I love that this one has a collection of tiny goblets inside the cup!
The Museum of Arts and Design is Located at 2 Columbus Circle in NYC.
Inscribed on a strip of metal glued across the approximate center of this work are the words of its title, suggesting that viewers look through the lens that Duchamp mounted between two panes of glass and haloed in concentric circles. The title of this work, which Duchamp said he “intended to sound like an oculist’s prescription,” tells the viewer exactly how to look at it. But peering through the convex lens embedded in the work’s glass “for almost an hour” would have a hallucinatory effect, the view being dwarfed, flipped, and otherwise distorted.
Meanwhile, the viewer who is patiently following the title’s instruction is put on display for anyone else walking by. Duchamp called To Be Looked At . . . his “small glass,” to distinguish it from his famous Large Glass of 1915–23. He made this work while living in Buenos Aires, Argentina, where he had fled earlier in 1918 to escape the oppressive atmosphere of the United States during World War I. When he shipped it back to New York, the glass cracked in transit, an effect that delighted the artist.
No matter how confident I ever am that I know most of the street level galleries in Chelsea, today I stopped it to the Heller Gallery on Tenth Avenue and asked how long they’d been open, since this was the first time I’d noticed them. The answer, which was quite unexpected, is that they’ve been at that location almost two years! How have I missed that? I have a few ideas.
What had initially sucked me in off the street was a collection of blown glass works in the window. When I stepped farther back into the gallery, however, my eyes were dazzled by this piece by artist Katherine Gray, entitled A Rainbow Like You (2015); an installation of blown glass, acrylic and lightning. I couldn’t help but think of the work of artist Dale Chihuly; specifically, in his Persian Ceiling Gallery, which is beyond breathtaking.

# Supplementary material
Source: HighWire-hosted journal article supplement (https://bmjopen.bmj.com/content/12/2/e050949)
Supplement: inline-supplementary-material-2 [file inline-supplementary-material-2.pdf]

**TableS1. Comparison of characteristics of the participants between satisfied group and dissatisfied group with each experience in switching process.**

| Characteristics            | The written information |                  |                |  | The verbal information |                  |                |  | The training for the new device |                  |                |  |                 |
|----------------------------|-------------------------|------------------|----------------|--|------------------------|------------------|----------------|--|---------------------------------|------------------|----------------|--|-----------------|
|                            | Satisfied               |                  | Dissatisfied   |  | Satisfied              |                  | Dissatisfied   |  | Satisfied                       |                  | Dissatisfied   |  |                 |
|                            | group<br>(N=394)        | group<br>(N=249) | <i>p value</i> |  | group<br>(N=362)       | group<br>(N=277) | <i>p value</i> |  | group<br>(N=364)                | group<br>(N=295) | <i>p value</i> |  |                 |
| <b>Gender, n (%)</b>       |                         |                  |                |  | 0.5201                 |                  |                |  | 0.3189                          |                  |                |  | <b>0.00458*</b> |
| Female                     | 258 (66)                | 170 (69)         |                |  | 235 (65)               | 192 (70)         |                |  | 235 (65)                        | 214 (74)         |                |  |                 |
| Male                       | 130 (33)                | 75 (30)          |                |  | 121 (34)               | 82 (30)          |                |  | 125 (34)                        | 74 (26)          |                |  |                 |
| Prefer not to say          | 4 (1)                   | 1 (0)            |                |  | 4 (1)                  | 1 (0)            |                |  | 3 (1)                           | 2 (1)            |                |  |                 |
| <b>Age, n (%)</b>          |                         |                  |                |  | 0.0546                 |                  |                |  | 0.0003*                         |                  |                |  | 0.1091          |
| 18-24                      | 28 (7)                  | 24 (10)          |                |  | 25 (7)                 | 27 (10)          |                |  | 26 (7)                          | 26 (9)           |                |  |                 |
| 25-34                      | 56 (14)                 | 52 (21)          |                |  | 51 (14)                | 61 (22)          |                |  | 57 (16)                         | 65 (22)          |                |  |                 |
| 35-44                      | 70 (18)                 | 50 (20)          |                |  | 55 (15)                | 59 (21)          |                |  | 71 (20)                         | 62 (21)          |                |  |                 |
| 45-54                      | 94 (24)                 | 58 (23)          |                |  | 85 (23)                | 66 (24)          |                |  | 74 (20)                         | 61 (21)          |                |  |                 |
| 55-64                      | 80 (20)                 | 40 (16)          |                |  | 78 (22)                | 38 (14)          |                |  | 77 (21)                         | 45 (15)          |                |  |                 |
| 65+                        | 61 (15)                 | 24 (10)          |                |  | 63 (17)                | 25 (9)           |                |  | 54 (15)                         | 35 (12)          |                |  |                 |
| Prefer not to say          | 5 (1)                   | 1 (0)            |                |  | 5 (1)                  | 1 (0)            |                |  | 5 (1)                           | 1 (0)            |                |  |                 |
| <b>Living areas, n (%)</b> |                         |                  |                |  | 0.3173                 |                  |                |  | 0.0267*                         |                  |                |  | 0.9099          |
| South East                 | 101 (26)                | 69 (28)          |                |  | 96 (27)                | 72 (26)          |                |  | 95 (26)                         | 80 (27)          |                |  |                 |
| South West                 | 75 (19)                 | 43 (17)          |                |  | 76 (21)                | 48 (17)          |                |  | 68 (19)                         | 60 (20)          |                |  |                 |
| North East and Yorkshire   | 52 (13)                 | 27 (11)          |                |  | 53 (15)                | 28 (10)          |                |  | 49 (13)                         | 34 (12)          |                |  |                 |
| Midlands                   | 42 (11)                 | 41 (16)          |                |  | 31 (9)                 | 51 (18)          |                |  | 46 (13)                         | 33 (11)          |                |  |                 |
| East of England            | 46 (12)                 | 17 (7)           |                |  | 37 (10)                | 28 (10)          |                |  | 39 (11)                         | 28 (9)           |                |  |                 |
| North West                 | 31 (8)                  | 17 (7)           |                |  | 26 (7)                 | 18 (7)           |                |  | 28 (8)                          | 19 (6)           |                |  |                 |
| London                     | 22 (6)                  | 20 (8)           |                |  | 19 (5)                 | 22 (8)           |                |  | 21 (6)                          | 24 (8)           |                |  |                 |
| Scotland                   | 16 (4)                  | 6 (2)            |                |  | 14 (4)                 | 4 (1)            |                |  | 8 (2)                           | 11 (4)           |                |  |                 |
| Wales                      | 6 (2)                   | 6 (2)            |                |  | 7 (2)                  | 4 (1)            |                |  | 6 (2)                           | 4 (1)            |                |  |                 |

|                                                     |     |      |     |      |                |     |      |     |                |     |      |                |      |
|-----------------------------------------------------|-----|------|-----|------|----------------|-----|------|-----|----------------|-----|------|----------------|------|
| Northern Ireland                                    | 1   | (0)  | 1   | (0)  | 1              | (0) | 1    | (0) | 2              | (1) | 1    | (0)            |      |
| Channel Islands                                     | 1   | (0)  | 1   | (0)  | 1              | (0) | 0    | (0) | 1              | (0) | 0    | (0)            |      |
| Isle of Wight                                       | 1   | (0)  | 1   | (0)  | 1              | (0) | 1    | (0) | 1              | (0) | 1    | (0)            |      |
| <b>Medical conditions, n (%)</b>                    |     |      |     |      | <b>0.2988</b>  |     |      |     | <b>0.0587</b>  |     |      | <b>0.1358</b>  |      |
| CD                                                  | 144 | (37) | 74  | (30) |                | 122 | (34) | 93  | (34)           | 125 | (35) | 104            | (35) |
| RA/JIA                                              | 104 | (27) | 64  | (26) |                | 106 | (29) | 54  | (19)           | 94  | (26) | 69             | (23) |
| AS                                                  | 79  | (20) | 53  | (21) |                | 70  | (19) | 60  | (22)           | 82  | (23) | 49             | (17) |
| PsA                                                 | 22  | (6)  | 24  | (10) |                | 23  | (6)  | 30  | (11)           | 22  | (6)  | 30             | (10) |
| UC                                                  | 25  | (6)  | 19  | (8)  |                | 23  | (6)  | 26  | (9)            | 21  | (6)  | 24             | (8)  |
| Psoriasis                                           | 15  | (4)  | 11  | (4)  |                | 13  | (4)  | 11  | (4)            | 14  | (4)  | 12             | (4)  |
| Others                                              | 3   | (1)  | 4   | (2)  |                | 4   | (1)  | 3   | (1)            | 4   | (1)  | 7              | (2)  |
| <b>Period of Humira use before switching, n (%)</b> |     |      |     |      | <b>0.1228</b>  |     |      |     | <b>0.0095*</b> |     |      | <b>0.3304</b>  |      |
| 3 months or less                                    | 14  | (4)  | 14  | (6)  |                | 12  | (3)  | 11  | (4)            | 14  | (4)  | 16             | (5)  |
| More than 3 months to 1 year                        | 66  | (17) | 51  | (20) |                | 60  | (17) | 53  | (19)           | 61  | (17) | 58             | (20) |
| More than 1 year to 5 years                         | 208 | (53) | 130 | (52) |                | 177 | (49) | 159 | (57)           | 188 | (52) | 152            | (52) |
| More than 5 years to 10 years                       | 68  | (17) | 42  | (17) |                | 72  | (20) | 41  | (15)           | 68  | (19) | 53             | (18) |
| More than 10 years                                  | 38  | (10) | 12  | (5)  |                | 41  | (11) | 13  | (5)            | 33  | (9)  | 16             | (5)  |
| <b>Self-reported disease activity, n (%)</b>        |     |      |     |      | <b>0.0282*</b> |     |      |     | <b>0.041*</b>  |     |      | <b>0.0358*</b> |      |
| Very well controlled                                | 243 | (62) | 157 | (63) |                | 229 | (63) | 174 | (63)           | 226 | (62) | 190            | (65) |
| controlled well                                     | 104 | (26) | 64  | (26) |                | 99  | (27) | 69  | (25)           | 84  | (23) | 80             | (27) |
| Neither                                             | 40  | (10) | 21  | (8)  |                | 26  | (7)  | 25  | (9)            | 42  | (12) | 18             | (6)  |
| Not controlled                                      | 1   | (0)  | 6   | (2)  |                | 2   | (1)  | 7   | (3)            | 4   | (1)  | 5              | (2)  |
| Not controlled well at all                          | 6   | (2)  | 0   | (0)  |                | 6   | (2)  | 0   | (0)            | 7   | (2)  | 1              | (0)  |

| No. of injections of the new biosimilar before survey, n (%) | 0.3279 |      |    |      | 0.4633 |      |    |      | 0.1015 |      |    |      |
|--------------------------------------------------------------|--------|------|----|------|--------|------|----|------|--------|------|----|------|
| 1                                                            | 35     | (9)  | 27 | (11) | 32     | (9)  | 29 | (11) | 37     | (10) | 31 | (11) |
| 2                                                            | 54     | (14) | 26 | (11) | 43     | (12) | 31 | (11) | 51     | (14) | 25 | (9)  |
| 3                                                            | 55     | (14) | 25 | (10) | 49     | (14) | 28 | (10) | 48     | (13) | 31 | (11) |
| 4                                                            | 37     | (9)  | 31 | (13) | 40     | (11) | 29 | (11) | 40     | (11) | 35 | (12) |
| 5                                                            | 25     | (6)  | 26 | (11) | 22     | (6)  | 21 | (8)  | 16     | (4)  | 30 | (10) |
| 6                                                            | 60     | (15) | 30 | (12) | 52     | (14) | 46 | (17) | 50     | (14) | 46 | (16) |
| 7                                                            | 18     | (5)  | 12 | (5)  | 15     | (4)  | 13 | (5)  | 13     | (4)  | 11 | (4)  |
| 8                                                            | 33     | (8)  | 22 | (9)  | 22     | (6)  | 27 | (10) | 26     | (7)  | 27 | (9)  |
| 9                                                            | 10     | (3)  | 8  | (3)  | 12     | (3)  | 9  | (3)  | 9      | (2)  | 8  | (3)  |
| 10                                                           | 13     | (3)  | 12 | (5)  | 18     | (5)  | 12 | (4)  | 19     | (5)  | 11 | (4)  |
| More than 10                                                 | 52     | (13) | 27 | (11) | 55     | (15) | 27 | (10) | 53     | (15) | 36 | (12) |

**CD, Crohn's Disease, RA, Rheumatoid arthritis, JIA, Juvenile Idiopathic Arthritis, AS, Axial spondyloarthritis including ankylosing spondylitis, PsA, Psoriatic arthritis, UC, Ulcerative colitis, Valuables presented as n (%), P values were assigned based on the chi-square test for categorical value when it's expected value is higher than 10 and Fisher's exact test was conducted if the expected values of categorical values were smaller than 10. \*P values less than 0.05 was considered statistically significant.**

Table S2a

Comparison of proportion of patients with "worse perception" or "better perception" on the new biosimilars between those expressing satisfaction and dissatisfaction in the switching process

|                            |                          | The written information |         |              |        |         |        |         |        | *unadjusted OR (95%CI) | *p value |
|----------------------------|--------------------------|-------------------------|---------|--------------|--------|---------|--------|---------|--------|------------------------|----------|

This work sells for $25,000.
Heller Gallery is Located at 303 10th Ave. (between 27th and 28th Streets) in the Chelsea Gallery District.
This Sculpture / Installation, Untitled (Night Train) (1989) by African-American artist David Hammons had just been re-rotated into display from the permanent collection at MOMA when I visited earlier this month, and I think it’s really terrific.
David Hammons has risen to prominence while at the same time consciously ducking the attention of critics, galleries and museums, preferring to “do things in the street.” A recipient of both a MacArthur Foundation Genius Award and a Pric de Rome, Hammons places himself as an artist between Arte Povera and Marcel Duchamp. He makes his art from refuse and the detritus of African-American life: chicken wings, Thunderbird and Night Train bottles, clippings from dreadlocks, basketball hoops, etc. Hammons‘ deeply felt political views on race and cultural stereotypes give his witty and elegant sculptures, installations, and body prints an integrity that promises to keep the focus on his art rather than on his career.
Crystal Star with Javelins, 1977, Glass and Steel (Photo By Gail)
Stars and Javelins are two reoccurring themes in the work of Italian sculptor, performance artist and conceptual artist Gilberto Zorio (Born 1944), who is an artist I admit I don’t know much about. I like the reflective qualities of this piece however, and the fact that it is a sculpture mounted on the wall, which is always fun. Crystal Star with Javelins is part of the permanent collection at the Museum of Modern Art in New York City.